One valuable aspect of Berdahl’s work, which has not been emphasized in this text, is her acute focus on the materiality of memory. In each of her essays on memory and nostalgia, particularly “Voices at the Wall,” Berdahl explores the constructions of social memory through specific objects: the Vietnam Veteran’s Memorial, the carved names on the glossy wall’s surface, and the physical offerings left by visitors to the monument. Berdahl carefully considers the physical and visual impact of these objects as influential aspects in the negotiations of collective memory and historical narrative that take place at the site of the memorial. The wall’s singular characteristics, from the controversy over its construction to its magnetism for object offerings, make it a site unique among other monuments: “It is a contested site where memory, biography, and personal histories call attention to, challenge, and resist unified and traditional versions of American identity and government, thereby reflecting as well as constructing a diversified and skeptical sense of national identity” (p. 25). Although it does not appear to be one of Berdahl’s theoretical aims, she has deliberately complicated the relationship of humans and their things, de-centering the role of human intention in the construction of social memory. The result is a much more nuanced understanding of the presence and importance of the memorial in the construction of a historical narrative about the Vietnam War. As with the consideration she gives to GDR-made and GDR-themed products in the construction of GDR memories during and after the Wende, Berdahl’s work on the wall recognizes that objects are not merely the bearers of memory, but also the bricks in their foundation, placing her deservedly among the likes of Daniel Miller, Bill Brown, and other important contributors to materiality studies.1
Among all the essays, “Mixed Devotions” is a special treasure. In this intensely personal account, in which she calls upon the emotional weight of her mother’s battle with cancer to discuss her reaction to her friend and informant’s bout with a similar illness, Berdahl displays both her fallibility and her deep humanity as a researcher. Judgment distorted by her generous caring for her friend, Berdahl admits to reproducing, through her pushy attempts to help, the same East-West inequality that her friends and informants in Kella so resented in West Germans. Recognizing this, and her displaced anger at the loss of her own mother, Berdahl parlays her experience into several teachable moments, from the role of the church in postsocialist social life, to the challenges of ethnography in Europe, and the nature of her friendship with her informants. Her revelations about her dual insider/outsider status and the cultural distance in between make this particular essay a must read for any student of anthropology.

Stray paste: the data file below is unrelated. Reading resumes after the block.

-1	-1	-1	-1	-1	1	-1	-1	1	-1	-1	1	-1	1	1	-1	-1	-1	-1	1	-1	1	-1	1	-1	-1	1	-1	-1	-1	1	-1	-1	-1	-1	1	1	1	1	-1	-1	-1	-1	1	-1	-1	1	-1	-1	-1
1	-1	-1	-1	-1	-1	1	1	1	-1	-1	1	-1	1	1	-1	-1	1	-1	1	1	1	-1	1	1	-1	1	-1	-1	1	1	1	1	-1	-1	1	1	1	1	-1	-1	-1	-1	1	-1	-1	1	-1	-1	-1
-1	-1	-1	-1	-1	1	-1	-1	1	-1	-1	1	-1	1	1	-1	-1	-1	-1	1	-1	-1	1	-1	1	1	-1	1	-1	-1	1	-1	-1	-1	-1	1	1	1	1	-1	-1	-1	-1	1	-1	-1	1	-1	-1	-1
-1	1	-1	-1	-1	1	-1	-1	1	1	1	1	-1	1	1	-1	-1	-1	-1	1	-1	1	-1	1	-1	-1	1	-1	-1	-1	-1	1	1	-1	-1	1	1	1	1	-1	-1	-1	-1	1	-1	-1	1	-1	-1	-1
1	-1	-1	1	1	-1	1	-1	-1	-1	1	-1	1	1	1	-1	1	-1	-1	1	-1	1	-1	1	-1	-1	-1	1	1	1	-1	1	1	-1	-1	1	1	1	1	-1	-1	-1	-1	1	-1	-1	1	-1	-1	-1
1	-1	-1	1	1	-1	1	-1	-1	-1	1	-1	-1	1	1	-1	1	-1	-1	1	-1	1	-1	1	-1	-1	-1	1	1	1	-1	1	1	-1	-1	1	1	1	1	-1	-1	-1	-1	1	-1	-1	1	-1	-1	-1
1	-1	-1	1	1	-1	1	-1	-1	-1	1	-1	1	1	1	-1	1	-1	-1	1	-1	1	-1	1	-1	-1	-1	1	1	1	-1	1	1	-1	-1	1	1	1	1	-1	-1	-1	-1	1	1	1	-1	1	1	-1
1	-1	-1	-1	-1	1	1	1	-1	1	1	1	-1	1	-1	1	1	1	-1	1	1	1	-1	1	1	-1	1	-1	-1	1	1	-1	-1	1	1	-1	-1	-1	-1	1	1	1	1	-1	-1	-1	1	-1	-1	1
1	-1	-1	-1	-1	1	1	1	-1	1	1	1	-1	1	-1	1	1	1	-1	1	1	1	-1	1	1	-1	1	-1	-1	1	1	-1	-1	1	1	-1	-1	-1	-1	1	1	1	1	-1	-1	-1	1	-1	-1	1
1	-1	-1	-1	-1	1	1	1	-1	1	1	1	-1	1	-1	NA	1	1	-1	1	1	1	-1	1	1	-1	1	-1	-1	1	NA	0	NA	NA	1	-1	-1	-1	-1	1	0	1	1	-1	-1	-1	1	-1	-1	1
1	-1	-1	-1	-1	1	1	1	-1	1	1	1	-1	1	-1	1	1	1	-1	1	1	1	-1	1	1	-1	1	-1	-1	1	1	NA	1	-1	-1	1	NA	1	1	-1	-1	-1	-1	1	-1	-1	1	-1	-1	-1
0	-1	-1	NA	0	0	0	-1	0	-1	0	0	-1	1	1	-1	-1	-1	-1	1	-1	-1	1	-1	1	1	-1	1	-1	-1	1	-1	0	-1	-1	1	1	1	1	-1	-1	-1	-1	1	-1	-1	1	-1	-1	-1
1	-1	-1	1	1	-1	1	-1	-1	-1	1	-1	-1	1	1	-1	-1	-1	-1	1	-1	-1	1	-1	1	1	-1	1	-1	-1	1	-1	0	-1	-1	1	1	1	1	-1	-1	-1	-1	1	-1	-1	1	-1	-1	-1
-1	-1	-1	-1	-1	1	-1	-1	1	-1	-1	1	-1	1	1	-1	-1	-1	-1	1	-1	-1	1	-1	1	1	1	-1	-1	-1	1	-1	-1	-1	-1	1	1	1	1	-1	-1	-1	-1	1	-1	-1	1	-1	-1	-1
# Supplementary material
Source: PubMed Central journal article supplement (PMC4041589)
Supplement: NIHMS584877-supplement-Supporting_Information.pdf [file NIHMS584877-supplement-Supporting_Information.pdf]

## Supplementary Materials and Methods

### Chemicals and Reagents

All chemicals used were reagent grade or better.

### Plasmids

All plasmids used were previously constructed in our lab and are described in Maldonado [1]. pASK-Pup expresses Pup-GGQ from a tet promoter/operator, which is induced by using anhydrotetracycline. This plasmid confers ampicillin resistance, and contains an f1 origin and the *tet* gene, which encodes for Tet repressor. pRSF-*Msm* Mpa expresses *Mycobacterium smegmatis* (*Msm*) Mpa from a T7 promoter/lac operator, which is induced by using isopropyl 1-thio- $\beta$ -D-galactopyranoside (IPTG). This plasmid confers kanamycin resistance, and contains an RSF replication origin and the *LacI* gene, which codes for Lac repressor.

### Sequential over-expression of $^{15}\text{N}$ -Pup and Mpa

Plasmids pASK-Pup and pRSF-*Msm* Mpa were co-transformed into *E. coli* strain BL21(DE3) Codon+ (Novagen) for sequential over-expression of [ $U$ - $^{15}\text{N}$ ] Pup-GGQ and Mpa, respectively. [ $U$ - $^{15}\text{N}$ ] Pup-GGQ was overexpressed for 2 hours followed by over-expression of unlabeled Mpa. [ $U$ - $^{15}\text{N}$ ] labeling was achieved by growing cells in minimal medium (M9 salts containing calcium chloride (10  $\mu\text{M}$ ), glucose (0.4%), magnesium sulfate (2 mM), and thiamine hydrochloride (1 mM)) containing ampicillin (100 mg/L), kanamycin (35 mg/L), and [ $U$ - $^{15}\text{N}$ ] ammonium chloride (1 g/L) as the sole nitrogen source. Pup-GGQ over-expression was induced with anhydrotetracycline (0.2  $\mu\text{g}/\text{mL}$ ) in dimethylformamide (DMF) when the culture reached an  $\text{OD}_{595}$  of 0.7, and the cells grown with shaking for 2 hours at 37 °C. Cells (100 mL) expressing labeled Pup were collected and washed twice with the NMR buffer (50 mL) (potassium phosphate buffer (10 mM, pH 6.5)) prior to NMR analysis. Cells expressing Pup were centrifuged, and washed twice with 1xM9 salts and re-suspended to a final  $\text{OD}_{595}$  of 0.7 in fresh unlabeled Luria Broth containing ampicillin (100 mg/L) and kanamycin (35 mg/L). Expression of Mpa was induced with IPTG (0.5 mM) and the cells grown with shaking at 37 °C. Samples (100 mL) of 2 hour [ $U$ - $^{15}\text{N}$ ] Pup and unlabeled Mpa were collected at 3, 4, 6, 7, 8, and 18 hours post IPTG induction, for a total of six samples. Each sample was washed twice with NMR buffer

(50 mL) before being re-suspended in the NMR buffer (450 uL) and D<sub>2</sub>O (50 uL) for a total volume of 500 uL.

Finally, for those hoping to see a glimpse of her unpublished work, the essay “Local Hero, National Crook” outlines the cultural perceptions of the East German entrepreneur, Jürgen Schneider, who had invested heavily in the redevelopment of East German properties, while defrauding West German banks. A modern folk hero, his adventures in fraudulent philanthropy provide the perfect example to contextualize the terms and conditions set by East Germans on their transition to a capitalist ideology, and the re-inscription of their national boundaries and identities.
This collection is an excellent introduction to Daphne Berdahl’s generous and insightful ethnography; it will appeal to students of Germany, postsocialist studies, materiality studies, and the anthropology of memory, and to undergraduate-level instructors. While fans of her work may enjoy the convenience of having Berdahl’s essays, including one previously unpublished, together in the same tome, the fact remains that the individual pieces do not cohere into a single readable text. Potential readers must consider whether the accessibility and new offerings in this volume weigh heavily enough in favor of purchasing it — rather than just downloading its contents piecemeal from online journal archives. Regardless, Berdahl’s work does not disappoint, and her readers will be rewarded by her perceptive research, skillful prose, and humanizing insights. Bunzl and Herzfeld, whose introduction and foreword contextualize her life and work, have done a great service to their dearly departed friend, and to Berdahl’s many readers, who have them to thank for this valuable collection.